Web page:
The conversation only got really awkward once ...
Mayor Mitch Landrieu's administration is surveying citizens and holding meetings about the development of dog parks in New Orleans. More than 1,400 residents have responded to an online survey aimed at determining the needs of dog owners (you're welcome to do so; the survey closes Friday). This week, the city’s Office of Neighborhood Engagement is holding a series of six public meetings last week (one in each council district; two in District C) to explain the fact-gathering process and get more community input. Tonight's meetings are at 6 pm at Holy Angels Church (3500 St. Claude Ave.) and the Cut-Off Recreation Center (6600 Belgrade St.).
“The goal is to put one dog park and one dog run in each council district,” explained Vince Smith, director of capital projects, to a group of about eight people gathered at the District A meeting last night at the Robert E. Smith Library in Lakeview. Smith said the city had identified 23 unofficial dog parks across the city — 10 of which are in District A — in addition to “City Bark,” the membership-only dog park in New Orleans City Park. Dog owners pay $43 per year for a permit to use the 4.3-acre off-leash park, a fenced area with amenities that include a dog wash and a smaller fenced-in area for little dogs.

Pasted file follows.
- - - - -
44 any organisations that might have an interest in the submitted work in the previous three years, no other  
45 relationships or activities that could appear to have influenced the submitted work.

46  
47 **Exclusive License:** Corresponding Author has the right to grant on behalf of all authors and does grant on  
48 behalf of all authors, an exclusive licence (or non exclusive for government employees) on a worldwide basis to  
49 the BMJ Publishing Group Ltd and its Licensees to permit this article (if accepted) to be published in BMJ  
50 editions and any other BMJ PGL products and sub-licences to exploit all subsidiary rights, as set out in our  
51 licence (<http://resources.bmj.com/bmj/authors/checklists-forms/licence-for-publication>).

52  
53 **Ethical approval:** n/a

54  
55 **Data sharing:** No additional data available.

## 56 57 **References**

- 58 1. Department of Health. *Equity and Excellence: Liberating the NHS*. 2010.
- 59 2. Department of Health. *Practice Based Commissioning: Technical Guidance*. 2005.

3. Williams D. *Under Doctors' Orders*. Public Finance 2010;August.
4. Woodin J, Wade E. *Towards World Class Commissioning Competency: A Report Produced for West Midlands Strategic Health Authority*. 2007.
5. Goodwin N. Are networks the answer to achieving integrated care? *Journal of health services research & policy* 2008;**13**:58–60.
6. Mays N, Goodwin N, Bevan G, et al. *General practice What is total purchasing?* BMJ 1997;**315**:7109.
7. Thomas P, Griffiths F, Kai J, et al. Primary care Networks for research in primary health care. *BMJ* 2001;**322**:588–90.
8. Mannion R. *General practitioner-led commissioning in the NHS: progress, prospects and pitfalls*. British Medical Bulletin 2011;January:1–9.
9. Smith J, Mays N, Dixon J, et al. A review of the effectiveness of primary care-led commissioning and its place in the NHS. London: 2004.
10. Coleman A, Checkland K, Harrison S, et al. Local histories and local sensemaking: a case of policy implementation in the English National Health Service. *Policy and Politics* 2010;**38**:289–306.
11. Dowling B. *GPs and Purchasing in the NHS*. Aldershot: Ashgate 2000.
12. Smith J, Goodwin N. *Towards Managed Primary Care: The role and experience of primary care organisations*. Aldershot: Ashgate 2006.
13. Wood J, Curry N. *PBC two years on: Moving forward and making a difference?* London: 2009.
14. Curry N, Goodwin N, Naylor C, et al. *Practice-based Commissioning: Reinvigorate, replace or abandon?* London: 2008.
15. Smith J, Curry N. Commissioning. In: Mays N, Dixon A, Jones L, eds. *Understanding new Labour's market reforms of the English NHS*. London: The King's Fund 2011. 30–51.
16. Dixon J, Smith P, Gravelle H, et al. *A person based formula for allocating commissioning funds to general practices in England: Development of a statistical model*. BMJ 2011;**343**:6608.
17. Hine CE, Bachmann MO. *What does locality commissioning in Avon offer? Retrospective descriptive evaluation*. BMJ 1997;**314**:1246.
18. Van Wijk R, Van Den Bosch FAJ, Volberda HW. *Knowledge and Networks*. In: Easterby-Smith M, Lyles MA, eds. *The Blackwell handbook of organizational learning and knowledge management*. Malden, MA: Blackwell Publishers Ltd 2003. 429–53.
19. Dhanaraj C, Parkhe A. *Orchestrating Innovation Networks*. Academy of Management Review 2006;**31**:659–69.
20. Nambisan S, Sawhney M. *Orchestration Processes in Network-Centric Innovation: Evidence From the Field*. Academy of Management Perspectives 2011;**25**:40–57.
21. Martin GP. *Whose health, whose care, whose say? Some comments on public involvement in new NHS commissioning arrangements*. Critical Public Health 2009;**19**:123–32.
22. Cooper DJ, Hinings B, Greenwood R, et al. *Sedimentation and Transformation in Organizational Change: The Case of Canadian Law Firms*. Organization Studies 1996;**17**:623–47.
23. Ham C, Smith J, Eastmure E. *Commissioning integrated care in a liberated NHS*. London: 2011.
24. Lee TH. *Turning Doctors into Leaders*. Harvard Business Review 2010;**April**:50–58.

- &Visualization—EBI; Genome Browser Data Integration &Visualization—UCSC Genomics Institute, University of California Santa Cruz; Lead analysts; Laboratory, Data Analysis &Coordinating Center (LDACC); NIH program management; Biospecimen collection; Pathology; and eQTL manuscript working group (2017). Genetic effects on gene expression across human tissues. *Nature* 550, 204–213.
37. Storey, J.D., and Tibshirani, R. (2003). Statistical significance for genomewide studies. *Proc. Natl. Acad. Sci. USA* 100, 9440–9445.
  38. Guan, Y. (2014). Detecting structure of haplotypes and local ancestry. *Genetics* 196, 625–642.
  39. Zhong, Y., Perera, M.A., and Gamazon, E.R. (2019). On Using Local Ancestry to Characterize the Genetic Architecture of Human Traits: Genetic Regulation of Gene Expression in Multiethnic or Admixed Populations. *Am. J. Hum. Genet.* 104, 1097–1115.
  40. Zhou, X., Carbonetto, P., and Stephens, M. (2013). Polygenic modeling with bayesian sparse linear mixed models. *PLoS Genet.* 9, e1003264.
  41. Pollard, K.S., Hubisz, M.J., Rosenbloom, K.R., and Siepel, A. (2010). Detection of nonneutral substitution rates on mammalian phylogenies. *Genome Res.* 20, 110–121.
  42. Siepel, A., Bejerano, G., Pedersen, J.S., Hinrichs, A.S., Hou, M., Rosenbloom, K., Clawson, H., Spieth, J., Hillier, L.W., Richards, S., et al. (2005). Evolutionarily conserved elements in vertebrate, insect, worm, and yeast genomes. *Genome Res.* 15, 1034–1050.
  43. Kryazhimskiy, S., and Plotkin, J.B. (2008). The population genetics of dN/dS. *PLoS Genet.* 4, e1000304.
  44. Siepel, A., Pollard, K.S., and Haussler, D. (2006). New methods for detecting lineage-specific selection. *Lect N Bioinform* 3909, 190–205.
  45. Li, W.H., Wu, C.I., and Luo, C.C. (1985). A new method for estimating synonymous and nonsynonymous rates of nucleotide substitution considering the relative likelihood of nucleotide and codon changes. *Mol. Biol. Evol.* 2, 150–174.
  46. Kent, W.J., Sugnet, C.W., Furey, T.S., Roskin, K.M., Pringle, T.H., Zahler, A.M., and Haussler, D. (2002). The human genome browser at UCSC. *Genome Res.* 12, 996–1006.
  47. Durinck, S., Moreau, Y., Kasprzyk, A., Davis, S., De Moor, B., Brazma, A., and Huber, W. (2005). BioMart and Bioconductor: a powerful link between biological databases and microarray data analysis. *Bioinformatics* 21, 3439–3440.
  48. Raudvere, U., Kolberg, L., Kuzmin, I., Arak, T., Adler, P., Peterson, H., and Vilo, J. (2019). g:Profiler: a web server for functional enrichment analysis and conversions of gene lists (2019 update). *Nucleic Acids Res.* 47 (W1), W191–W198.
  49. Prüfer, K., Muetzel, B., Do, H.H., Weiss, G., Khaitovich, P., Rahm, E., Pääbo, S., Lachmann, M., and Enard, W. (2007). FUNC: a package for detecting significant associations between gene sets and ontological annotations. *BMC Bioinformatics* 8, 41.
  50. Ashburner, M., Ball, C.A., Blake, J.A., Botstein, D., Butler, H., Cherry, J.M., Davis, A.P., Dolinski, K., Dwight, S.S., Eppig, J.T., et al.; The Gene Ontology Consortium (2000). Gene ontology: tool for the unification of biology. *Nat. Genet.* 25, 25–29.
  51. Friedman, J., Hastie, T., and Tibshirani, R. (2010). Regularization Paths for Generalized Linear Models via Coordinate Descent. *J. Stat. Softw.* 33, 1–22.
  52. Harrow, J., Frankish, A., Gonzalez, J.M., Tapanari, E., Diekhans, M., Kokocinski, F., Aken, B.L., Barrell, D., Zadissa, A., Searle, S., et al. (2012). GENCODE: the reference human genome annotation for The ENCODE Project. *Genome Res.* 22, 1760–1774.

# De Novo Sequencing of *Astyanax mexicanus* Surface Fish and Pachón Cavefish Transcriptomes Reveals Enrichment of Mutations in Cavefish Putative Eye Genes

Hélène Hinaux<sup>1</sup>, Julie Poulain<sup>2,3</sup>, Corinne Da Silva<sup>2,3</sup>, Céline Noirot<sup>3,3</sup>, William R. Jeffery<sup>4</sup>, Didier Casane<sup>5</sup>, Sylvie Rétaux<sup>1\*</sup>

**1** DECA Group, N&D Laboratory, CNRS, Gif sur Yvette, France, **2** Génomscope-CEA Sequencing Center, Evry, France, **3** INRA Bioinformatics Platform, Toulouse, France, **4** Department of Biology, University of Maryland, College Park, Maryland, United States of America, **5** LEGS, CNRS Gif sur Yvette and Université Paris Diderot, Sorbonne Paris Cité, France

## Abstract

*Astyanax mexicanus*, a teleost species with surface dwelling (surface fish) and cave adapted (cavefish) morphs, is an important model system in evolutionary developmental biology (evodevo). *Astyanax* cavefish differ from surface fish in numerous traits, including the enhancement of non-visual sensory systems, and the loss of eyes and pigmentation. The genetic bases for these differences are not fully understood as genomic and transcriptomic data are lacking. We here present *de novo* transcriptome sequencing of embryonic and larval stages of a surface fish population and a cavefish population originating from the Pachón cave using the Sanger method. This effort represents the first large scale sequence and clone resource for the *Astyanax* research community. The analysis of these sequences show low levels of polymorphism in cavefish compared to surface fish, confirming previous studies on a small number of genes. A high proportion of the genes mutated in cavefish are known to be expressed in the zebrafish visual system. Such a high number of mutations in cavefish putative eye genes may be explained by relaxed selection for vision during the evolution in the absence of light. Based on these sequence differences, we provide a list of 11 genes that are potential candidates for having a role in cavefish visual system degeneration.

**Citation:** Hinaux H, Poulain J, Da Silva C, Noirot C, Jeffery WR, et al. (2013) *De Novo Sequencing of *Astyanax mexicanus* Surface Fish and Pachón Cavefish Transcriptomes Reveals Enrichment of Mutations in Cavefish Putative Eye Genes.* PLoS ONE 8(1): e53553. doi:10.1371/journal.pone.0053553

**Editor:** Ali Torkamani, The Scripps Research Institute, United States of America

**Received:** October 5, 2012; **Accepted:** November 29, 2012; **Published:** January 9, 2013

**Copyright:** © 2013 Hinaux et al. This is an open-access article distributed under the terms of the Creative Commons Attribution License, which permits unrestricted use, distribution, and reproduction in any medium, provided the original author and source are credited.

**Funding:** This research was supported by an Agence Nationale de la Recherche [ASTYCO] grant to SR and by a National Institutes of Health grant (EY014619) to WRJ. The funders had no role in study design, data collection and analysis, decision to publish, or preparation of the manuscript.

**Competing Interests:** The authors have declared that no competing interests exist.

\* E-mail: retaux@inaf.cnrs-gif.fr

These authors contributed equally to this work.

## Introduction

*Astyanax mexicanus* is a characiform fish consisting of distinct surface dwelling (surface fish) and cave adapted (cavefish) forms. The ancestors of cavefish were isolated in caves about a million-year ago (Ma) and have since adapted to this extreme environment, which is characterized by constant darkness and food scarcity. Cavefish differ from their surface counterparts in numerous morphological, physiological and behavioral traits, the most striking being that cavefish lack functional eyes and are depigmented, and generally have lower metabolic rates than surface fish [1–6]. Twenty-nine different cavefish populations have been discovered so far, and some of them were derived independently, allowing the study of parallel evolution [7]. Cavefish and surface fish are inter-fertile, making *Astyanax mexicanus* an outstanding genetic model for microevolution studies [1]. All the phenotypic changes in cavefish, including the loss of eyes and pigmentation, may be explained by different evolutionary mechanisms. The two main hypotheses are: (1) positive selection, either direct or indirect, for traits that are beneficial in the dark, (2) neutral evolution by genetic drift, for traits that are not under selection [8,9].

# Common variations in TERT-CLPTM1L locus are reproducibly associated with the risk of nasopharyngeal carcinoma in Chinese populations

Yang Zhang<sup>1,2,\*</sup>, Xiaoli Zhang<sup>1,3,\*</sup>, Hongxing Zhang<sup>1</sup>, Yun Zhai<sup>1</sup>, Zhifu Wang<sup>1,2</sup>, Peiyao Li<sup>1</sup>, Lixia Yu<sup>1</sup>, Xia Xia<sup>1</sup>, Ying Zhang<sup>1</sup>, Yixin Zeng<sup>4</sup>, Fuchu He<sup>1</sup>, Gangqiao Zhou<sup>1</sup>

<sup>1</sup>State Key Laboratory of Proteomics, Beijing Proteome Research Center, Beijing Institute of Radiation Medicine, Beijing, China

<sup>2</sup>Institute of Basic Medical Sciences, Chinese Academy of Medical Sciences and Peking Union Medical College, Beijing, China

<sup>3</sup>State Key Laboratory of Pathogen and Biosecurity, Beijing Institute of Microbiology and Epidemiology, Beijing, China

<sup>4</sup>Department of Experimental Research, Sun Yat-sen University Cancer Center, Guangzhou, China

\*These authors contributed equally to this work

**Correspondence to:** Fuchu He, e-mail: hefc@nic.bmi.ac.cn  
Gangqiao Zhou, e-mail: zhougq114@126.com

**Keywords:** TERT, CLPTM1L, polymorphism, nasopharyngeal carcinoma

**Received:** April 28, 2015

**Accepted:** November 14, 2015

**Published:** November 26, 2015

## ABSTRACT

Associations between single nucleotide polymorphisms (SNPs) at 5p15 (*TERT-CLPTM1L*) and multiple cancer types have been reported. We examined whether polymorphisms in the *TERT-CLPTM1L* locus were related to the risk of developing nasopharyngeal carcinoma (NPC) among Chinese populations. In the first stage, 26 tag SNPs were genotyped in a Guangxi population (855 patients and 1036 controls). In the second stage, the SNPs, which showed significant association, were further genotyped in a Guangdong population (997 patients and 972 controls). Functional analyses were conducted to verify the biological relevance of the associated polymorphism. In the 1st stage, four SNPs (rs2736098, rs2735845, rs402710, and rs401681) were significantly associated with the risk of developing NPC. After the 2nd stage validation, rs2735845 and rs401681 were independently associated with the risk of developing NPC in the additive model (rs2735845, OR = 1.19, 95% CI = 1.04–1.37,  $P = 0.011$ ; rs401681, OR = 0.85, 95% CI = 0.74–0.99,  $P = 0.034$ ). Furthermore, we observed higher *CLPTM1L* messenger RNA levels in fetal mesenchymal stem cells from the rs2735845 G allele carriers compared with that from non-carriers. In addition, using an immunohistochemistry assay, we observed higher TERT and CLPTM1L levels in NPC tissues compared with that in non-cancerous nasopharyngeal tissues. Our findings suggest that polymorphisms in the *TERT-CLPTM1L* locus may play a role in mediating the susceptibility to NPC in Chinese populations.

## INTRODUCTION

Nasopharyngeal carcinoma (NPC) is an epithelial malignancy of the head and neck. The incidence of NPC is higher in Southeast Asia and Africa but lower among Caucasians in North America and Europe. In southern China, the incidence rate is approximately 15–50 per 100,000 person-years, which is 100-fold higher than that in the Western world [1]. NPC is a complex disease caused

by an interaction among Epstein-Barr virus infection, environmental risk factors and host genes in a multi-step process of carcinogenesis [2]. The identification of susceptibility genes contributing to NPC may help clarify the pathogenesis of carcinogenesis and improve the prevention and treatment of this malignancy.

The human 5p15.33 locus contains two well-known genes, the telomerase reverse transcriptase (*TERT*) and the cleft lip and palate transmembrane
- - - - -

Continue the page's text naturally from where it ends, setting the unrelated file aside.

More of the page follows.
It’s not only the sites that are unknown right now — it’s the funding. “We have no dedicated funds,” Smith said. “This is a site-selection process only.” Smith explained that the city isn’t sure yet whether any dog park monies would come from the capital operating budget or from New Orleans Recreation Department (NORD) funds, so there’s no timetable on building.
Those who can't make the meetings can still provide feedback to the city at firstname.lastname@example.org.
Ignatius Eatery (3121 Magazine St., 896-0242) recently completed a nine-block leap down Magazine Street, taking over the former location of the Rue de la Course coffee shop. The move greatly expands the restaurant’s size, and perhaps just as significantly returns alcohol service to an operation that originally served beer and wine but later ran into licensing problems.
The choice of just where to relocate the restaurant was probably an easy one. Ignatius and Rue de la Course are both owned by Jerry Roppolo.
The new Ignatius serves lunch and dinner Thursday through Monday (closed Tuesday and Wednesday), with brunch offered on the weekends. The menu is largely the same as before, with New Orleans standards like roast beef po-boys, gumbo and shrimp Creole mixed in with dishes like boudin meatloaf and shrimp remoulade po-boys.
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Same Ole, Same Ole, Why don't any of these places use tzatzike sauce?